95% of teachers who went through teacher residency programs felt like they entered the classroom with “more effective skills than the average new teacher,” according to a report by the National Council for Teacher Residencies.
And 91% of principals agree.
“Teaching is a skills-based profession, but it’s also an art,” said Ashley Davis, a graduate of a teacher residency program and current Boston Public Schools Principal. As a principal, “I expect that [teacher residents] understand some components of teaching, like backwards planning, instructional coaching, and relationship-building." All three are areas of development that Davis says she finds herself focusing on for other new teachers.
“Teaching is a skills-based profession, but it’s also an art,”
Teacher residency programs are designed for new teachers to engage in guided experiences to determine if teaching is the right career for them. A teacher resident typically spends 1-3 years developing the competencies to be an effective teacher by participating in a combination of theory-based learning and practice-based teaching experiences with the support of master teachers.
59% of Black boys graduate high school, according to a 2019 report by Southern Regional Education Board, which is 26% lower than the national average. In his 2012 book Visible Learning, Dr. John Hattie’s meta-analysis of education programs found that teacher effectiveness is the number one factor in student achievement, regardless of race, class, gender, or any other identifier, yet many schools allow students to be taught by inexperienced educators. That’s right. We’ve committed to a practice that we know doesn’t work for all students.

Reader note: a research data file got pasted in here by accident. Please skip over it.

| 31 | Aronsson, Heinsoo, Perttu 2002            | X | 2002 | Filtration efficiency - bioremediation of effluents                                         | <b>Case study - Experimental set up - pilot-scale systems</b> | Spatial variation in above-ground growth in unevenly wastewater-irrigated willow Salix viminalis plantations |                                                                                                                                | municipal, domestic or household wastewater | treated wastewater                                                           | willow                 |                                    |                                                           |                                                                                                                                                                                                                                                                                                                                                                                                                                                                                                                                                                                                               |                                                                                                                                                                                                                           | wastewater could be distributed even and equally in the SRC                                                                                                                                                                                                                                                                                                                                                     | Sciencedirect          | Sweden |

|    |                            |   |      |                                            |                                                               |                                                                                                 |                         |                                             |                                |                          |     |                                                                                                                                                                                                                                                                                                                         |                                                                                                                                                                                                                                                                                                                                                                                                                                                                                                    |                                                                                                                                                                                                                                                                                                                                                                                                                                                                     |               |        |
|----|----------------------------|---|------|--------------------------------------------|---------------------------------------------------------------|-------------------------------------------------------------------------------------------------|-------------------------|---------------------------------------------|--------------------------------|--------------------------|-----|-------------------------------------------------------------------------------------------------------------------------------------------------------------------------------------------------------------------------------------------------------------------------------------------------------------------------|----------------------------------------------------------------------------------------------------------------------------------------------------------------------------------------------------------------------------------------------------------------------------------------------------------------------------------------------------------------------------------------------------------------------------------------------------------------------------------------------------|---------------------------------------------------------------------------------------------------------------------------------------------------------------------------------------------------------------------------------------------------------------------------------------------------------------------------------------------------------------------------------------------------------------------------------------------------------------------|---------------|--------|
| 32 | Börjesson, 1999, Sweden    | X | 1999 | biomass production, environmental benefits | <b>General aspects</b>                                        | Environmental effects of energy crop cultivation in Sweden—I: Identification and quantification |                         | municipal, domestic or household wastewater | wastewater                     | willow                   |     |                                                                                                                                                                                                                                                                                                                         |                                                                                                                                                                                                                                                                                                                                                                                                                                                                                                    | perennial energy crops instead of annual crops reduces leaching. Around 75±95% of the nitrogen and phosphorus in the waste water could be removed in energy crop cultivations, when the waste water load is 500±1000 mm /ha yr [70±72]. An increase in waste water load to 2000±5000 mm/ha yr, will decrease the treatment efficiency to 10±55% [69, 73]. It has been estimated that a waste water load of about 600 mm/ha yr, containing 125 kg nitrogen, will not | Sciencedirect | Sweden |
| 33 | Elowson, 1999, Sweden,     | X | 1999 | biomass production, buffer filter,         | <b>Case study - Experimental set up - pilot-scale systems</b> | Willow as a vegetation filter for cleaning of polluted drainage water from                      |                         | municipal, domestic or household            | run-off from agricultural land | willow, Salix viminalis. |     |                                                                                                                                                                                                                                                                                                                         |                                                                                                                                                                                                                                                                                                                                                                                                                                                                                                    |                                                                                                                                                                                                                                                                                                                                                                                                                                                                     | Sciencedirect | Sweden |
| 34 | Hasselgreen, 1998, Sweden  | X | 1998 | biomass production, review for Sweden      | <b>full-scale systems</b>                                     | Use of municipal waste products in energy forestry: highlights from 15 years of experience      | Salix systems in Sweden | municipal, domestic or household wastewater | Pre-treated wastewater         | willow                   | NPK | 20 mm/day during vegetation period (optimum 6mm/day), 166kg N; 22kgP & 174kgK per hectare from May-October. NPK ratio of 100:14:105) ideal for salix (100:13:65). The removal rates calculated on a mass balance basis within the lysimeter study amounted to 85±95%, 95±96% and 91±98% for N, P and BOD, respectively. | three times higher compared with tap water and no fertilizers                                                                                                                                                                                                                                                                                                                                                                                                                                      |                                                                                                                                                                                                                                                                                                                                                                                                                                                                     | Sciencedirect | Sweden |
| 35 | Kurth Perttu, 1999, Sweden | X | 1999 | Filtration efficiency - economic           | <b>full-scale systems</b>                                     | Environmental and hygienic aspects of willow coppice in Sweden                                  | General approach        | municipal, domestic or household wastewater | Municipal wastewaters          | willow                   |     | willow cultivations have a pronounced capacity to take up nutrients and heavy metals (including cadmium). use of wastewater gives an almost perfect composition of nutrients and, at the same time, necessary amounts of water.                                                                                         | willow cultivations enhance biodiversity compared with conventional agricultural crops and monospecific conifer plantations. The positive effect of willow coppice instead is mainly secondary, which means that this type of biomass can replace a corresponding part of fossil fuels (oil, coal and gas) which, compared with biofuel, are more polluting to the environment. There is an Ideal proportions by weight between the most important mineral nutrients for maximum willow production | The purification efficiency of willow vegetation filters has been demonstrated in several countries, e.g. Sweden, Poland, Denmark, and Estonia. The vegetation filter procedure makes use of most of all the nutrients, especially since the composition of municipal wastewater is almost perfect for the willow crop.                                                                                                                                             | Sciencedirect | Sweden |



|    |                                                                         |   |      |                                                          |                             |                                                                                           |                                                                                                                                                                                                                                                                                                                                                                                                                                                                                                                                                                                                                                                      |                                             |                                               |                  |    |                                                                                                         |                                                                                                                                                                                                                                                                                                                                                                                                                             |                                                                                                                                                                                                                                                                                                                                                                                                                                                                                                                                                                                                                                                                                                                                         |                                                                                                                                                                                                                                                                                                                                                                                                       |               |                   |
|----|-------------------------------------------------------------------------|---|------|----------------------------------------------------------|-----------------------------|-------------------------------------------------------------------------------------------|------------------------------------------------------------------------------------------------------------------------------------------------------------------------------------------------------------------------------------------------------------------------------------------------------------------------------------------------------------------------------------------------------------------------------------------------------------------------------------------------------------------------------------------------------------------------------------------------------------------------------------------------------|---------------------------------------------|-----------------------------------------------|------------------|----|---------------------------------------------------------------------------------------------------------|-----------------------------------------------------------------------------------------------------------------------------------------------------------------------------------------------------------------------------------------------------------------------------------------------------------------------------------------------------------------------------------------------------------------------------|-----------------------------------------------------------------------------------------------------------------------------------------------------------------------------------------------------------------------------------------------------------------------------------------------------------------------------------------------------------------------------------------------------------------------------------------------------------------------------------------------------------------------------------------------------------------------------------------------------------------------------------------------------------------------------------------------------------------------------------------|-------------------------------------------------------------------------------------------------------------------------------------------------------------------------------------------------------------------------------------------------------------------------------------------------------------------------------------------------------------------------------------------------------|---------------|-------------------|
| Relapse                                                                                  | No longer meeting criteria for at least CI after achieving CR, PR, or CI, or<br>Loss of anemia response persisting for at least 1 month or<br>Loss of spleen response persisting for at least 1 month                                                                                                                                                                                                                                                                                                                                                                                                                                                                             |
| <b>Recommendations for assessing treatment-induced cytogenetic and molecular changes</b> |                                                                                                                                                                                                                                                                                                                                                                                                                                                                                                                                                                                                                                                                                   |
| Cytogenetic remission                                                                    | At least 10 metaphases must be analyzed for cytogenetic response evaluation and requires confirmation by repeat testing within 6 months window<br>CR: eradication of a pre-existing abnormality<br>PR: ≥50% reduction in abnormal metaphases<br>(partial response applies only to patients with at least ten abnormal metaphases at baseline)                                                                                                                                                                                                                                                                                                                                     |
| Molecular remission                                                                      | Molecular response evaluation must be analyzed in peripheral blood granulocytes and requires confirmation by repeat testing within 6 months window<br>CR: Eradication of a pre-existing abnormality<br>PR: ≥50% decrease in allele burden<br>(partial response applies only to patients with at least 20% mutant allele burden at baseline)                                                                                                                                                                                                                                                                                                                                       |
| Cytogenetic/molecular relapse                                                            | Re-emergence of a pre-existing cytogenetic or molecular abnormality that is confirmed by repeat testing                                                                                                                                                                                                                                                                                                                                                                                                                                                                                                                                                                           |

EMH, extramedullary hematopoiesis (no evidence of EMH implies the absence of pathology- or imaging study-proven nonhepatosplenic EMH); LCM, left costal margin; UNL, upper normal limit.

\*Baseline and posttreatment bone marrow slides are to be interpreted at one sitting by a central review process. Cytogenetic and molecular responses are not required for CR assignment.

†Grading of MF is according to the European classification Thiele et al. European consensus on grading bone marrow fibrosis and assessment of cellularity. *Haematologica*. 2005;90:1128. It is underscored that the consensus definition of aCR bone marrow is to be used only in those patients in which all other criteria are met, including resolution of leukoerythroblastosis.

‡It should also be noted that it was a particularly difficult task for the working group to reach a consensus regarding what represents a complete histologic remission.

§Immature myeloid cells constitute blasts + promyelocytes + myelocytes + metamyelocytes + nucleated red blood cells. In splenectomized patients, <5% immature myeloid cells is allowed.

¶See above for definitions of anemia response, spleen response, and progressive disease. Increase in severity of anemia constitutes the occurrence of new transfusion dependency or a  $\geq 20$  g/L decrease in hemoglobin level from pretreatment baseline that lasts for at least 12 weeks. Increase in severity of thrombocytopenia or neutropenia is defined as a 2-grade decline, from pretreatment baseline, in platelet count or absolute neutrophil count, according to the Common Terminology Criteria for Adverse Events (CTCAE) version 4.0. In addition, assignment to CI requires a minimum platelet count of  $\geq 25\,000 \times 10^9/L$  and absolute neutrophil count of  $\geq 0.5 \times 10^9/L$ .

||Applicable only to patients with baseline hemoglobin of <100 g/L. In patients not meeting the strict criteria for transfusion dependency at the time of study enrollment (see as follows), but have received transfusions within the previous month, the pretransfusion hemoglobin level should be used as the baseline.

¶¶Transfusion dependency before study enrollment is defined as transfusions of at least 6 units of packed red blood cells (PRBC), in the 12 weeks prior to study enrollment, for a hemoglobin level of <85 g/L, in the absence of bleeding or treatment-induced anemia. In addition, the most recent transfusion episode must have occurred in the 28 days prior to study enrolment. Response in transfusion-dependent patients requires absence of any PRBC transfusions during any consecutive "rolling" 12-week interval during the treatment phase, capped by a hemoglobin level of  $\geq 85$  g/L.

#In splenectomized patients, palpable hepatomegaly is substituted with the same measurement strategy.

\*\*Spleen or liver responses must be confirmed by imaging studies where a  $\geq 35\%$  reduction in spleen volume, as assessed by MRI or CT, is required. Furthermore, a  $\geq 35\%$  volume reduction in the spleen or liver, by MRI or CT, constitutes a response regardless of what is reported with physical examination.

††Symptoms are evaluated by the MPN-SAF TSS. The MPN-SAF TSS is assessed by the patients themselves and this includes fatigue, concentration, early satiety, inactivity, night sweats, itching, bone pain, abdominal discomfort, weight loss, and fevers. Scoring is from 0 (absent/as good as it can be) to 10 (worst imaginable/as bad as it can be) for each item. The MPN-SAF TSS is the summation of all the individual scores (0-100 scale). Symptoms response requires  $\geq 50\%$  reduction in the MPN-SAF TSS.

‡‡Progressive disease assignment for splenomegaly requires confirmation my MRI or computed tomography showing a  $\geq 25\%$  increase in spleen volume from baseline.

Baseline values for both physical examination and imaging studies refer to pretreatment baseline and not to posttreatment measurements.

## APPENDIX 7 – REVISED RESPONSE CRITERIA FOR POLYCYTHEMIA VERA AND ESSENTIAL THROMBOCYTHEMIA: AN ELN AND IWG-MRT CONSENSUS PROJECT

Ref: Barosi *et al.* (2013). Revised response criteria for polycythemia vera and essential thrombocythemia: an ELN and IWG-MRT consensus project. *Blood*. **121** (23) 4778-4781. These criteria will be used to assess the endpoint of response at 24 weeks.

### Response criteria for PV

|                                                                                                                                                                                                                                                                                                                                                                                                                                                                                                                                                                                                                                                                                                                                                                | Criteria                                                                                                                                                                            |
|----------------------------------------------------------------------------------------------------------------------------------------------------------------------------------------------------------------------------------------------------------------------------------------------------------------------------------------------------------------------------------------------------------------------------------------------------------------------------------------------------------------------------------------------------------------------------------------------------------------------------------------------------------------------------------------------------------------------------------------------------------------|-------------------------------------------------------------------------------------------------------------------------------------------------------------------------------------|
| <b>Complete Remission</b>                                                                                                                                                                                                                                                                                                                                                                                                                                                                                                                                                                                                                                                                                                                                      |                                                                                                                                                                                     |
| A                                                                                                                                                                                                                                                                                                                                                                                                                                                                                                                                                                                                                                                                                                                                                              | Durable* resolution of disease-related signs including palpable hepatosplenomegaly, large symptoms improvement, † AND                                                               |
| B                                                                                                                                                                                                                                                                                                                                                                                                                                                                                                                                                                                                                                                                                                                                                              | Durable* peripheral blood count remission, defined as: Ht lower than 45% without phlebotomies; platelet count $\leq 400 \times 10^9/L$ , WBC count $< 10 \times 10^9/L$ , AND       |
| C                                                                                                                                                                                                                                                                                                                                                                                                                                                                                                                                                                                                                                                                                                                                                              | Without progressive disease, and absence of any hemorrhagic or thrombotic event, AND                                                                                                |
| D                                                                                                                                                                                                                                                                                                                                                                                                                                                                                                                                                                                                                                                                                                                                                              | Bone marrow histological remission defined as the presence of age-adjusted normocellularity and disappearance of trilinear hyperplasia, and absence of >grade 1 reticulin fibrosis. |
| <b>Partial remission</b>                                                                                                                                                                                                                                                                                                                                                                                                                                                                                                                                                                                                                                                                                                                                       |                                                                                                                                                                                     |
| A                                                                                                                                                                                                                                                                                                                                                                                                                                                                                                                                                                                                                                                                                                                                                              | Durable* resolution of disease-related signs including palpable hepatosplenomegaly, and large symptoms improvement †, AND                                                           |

In an analysis led by Dr. Chance Lewis, by year three, 35% of Black male teachers leave the profession, which is not only a costly tradition (districts spend about $20,000 per year for every new teacher hired, according to the Learning Policy Institute), but is a disservice to students across the country. Teacher turnover is plagued with broken relationships, vacant positions, and unstable academic settings, all of which builds on the trauma that many students have already endured.
The truth about Black men in the field is even more jarring. 77% of Black men who complete education degrees are not teachers-- another alarming statistic provided by Dr. Lewis. This points to other barriers such as the lack of support receiving teaching credentials and misguided professional development. Again, we can turn to teacher residencies for the answer.
Teacher residencies are a critical component of the teacher-of-color-pipeline. Bellwether Education Partners found that over 45% of teacher residents identify as persons of color. The Massachusetts Education Equity Partnership reiterates that we must “ensure all students have mirrors and windows-- opportunities to see themselves reflected in their schools and classrooms, as well as to learn about the experiences of others." Teacher residencies help make that happen.
The residency model is widely accepted for the medical profession, largely because of the high-risk nature of the job. We want doctors who we know have been tried and have proven their ability to care for our well-being. Teachers face the same pressures and should be held to the same standard. In our current model, where new college graduates become lead teachers, a student can theoretically have a novice teacher in every year of their education career. This is unfair to students, especially low-income and students of color, considering that “students of color in low-income schools are 3 to 10 times more likely to have unqualified teachers than students in predominantly White schools” as stated by the Stanford Center for Opportunity Policy in Education.